McCain’s extreme tactics against Obama rooted in antiquity
Ten thousand years ago, there was you and your family and the group of people you slept with in a pile for warmth at night.
And then there were The Others.
The Others were the scary outsiders who were not you, not your family, not your tribe. They looked different, smelled different, spoke differently and might kill you if they came upon you.
Unless you killed them first.
This primordial fear underlies all nationalism, all racism, all reluctance to accept those not in your group, on your team, with your company, from your neighborhood.
Like all fears, it has its uses, and humanity took thousands of years to inch away from it. The story of the modern world is the story of overcoming fear of The Other — learning to speak together, to work together, to trade, to interact, despite differences. That’s why your clothes come from Guatemala and your neighbor is from Ukraine and we have a black man running for president.
But don’t be fooled by our modern veneer. Don’t be blinded by the glow from all those hand-held electronic devices. Fear of The Other is deep in the bones of many, and it boils up under duress.
It is the reason the McCain campaign, at a moment of incredible national crisis, is focusing on trivialities: Barack Obama’s old preacher; a 1960s radical who once held a coffee for him; his foreign roots.
“This is not a man who sees America as you see America and as I see America,” Sarah Palin said.
This explains the intense anger directed toward Obama, so mystifying otherwise. They’re afraid. Vlad the Impaler could run for president and he couldn’t be portrayed as a dangerous outside force in terms more extreme than those being used to describe this rather benign and, to be honest, bland former University of Chicago law professor.
When McCain wins, as I believe he will, it will be because he played upon the deepest fears of those Americans who miss the past with a passion, who think this would be a wonderful world if only everybody thought exactly like they do and prayed exactly like they do and looked exactly like they do, the way it was in the good old days, 10,000 years ago.
It turns out I’m a terrorist.
Or at least I have terrorist ties, and really, this nation is so afraid, we hardly distinguish between the two anymore.
And here I was feeling extra Jewish lately. Had a good Yom Kippur. Maybe it’s just that my rabbi, the buoyant and articulate Eitan Weiner-Kaplow, was on fire. Maybe that made our synagogue, Shir Hadash, extra warm and welcoming. Maybe I’m just getting soft and embracing religion more, as men do as they age.
But driving the boys home midday on Thursday, I actually considered dropping them off and returning to join my wife for the afternoon services. A first for me.
And now Friday morning, I learn that I, like Barack Obama, am connected to a supposedly shady Islamic group: the Council of American-Islamic Relations, which, according to the Wall Street Journal, has been “cited by the government in the past for ties to the Muslim Brotherhood and Hamas.”
Golly. About a year ago, I printed something snarky about Egypt, and the executive director of the Chicago office of CAIR, Ahmed Rehab, who was born there, registered his displeasure. Unlike so many other patriotic Americans, however, he did so politely and intelligently, so I asked him to lunch.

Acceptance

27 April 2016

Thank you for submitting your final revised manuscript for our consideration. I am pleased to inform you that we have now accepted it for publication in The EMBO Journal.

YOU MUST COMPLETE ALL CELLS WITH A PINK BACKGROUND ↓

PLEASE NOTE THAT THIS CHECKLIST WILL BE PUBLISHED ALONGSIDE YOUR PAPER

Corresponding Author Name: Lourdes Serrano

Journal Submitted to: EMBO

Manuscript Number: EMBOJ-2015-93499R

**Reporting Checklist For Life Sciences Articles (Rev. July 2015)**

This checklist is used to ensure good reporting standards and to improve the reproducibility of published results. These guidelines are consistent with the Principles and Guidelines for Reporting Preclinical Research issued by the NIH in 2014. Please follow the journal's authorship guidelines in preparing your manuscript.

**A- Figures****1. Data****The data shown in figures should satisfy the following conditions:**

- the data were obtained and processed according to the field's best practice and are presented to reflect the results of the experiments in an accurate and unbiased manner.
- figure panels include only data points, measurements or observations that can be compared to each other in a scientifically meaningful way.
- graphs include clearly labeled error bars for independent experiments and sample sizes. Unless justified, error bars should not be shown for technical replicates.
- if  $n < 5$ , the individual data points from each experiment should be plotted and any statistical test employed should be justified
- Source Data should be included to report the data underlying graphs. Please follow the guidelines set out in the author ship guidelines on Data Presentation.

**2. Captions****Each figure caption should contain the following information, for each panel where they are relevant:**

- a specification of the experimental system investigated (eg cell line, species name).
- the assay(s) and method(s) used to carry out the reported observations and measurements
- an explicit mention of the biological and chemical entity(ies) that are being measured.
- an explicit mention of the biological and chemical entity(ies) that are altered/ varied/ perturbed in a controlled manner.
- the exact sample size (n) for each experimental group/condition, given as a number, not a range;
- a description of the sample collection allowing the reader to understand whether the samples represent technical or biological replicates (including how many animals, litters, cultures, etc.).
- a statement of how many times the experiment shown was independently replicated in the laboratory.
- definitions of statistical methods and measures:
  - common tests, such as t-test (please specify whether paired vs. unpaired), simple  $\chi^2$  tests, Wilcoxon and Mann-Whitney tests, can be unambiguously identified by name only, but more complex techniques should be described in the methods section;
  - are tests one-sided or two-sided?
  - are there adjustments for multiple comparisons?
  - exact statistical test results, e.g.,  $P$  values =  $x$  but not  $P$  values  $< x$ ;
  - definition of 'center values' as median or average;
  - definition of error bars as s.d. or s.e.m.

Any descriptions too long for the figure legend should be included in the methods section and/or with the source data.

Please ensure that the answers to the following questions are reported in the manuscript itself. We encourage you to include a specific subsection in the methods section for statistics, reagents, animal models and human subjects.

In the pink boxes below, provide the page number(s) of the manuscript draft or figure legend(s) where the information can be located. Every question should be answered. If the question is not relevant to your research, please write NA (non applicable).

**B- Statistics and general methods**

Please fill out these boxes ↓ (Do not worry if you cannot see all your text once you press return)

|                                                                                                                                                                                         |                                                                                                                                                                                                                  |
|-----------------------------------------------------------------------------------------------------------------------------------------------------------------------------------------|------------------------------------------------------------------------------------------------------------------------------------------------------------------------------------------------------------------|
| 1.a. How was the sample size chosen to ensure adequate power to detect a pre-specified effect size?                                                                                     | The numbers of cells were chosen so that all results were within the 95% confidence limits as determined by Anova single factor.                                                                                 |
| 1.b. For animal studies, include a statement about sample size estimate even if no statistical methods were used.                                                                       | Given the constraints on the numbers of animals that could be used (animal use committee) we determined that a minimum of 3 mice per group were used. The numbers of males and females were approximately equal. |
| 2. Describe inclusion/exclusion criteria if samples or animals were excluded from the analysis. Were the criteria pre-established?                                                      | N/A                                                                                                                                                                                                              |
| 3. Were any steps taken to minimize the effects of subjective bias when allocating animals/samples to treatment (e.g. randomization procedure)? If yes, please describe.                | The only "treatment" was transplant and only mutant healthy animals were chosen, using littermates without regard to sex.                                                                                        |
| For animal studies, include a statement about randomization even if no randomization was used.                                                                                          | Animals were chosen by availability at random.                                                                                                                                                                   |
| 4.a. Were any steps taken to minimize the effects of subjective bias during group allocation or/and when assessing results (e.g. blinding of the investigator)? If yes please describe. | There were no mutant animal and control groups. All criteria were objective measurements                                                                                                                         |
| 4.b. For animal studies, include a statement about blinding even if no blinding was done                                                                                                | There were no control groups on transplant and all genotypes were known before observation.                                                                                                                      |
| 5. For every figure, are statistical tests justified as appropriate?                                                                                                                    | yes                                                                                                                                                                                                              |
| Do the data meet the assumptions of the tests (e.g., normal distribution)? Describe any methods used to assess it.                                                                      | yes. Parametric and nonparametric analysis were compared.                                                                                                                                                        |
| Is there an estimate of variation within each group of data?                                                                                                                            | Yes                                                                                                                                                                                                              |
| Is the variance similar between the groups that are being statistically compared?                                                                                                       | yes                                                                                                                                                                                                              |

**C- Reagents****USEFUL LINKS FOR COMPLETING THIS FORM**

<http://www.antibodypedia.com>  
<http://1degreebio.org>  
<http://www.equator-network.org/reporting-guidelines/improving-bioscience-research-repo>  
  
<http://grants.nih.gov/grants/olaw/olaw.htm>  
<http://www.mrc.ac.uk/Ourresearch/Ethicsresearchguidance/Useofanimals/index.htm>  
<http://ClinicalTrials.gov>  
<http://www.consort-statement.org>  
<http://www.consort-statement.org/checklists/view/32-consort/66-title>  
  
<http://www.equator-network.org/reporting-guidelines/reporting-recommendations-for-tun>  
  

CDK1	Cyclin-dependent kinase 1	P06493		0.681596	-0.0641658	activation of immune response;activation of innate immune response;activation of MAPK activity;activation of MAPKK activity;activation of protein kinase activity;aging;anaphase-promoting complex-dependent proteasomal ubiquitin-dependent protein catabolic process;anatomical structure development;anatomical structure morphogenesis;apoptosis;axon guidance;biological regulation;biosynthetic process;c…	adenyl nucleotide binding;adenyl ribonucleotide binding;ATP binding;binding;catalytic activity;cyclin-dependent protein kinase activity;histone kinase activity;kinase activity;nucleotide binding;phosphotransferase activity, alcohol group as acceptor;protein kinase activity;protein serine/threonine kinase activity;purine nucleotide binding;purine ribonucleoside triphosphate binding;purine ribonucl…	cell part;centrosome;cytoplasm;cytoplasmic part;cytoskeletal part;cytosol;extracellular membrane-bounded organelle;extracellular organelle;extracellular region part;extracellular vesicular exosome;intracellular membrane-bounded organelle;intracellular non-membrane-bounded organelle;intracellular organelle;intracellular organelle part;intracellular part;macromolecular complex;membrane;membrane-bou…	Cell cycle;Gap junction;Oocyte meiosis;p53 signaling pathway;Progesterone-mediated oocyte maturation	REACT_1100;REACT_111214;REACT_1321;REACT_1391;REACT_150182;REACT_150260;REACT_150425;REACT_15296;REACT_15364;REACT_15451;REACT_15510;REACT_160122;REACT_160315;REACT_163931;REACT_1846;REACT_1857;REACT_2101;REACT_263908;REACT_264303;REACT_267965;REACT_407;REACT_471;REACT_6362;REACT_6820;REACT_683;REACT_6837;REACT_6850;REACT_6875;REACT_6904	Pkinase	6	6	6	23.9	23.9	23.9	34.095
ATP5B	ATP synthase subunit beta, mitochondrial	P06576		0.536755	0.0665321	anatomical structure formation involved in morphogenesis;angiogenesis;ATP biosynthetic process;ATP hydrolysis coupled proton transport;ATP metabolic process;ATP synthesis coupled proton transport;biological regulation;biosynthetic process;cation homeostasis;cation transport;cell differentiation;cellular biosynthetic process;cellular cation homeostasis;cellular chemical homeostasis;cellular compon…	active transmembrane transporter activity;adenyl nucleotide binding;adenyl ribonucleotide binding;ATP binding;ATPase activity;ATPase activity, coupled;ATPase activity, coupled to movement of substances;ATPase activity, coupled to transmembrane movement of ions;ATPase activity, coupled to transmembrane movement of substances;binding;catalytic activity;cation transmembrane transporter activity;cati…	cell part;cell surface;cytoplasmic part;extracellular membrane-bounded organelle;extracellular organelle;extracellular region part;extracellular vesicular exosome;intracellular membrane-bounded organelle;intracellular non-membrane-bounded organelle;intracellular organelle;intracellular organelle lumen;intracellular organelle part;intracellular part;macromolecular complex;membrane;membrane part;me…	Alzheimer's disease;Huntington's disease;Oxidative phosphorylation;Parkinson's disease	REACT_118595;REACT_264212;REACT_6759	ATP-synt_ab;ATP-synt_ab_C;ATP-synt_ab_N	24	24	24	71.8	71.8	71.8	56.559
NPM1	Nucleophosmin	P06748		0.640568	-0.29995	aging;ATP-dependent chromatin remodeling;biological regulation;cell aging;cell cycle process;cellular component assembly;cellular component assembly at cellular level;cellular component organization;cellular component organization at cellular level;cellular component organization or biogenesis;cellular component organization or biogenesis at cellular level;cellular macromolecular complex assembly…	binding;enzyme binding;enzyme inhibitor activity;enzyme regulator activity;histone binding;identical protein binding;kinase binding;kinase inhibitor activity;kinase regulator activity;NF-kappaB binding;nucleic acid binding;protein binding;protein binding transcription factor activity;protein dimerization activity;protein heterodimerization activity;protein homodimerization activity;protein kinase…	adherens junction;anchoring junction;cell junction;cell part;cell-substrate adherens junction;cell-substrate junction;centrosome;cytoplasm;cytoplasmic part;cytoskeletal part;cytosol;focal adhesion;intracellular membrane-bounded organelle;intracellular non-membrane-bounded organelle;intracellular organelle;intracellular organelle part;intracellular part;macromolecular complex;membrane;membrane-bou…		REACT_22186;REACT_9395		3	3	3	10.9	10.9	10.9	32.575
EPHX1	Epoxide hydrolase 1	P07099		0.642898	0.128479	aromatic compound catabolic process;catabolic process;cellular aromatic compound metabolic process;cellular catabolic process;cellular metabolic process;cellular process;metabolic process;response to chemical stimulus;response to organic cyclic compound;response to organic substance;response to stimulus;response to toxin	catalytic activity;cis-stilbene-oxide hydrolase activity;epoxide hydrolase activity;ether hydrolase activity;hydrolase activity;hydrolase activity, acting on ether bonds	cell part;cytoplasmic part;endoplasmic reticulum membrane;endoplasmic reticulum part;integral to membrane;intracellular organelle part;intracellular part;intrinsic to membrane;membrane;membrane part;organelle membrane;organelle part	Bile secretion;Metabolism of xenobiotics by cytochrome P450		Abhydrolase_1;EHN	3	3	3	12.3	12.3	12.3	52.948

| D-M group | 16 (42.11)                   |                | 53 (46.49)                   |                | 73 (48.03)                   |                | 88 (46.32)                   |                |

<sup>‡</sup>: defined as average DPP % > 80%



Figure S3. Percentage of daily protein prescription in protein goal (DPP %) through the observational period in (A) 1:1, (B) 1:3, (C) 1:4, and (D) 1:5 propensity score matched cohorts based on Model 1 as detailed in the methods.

We had a good talk and were basically on the same page, both believing that the security of this country depends not on how fearful and repressive we become, but how strongly we support our ideal that America is a nation of parts, that people who work hard and obey the law should live their lives unmolested, no matter what faith they adhere to, even if that faith is one such as Islam, with a radical fringe that has done terrible things.
So I not only have the same ties as the Obama campaign — which sent a representative to a CAIR meeting — but in a sense I’m worse because I picked up the check.
My God, in the government’s eyes, I’m funding terrorism! People have gone to prison for less.
I shouldn’t laugh. This is the same government, remember, that put Americans who participated in peace rallies on terrorist watch lists.
Guilt by association was big in the 1950s, when your father’s attendance at a communist meeting could scuttle your career. Are we to go back there? Will that bring security or peace?
If I recall, the troubles in Northern Ireland were not put to rest without the involvement of the Irish Republican Army, which buried its guns and entered politics. I don’t see how we’re ever going to have Mideast peace if anybody who sits in a room with somebody who ever met someone who works for a suspect group then becomes tainted. Even Nixon met with Khrushchev, and nobody called him a commie.
Out and about
The biggest compliment you can pay a celebrity is to leave ’em alone. A personal rule that was tested Friday, when I stood up after yet another lovely lunch at RL, this one with my pal Lee Flaherty, and noticed Robert Duvall sitting in the next booth. I took a second look, to be certain it wasn’t just a guy who looks like Robert Duvall. Then I exited into the glorious autumn day.
I’m not sure the purpose of such an item — part to brag, part to report. Having basked in the glow of reflected fame, I convey a bit of the warmth to you. And heck, if some people can make a career out of this sort of thing, I can do it once. Today’s chuckle
Why is it only now that I realize that all you have to do is remove the last letter from “broker” to leave you with “broke.”
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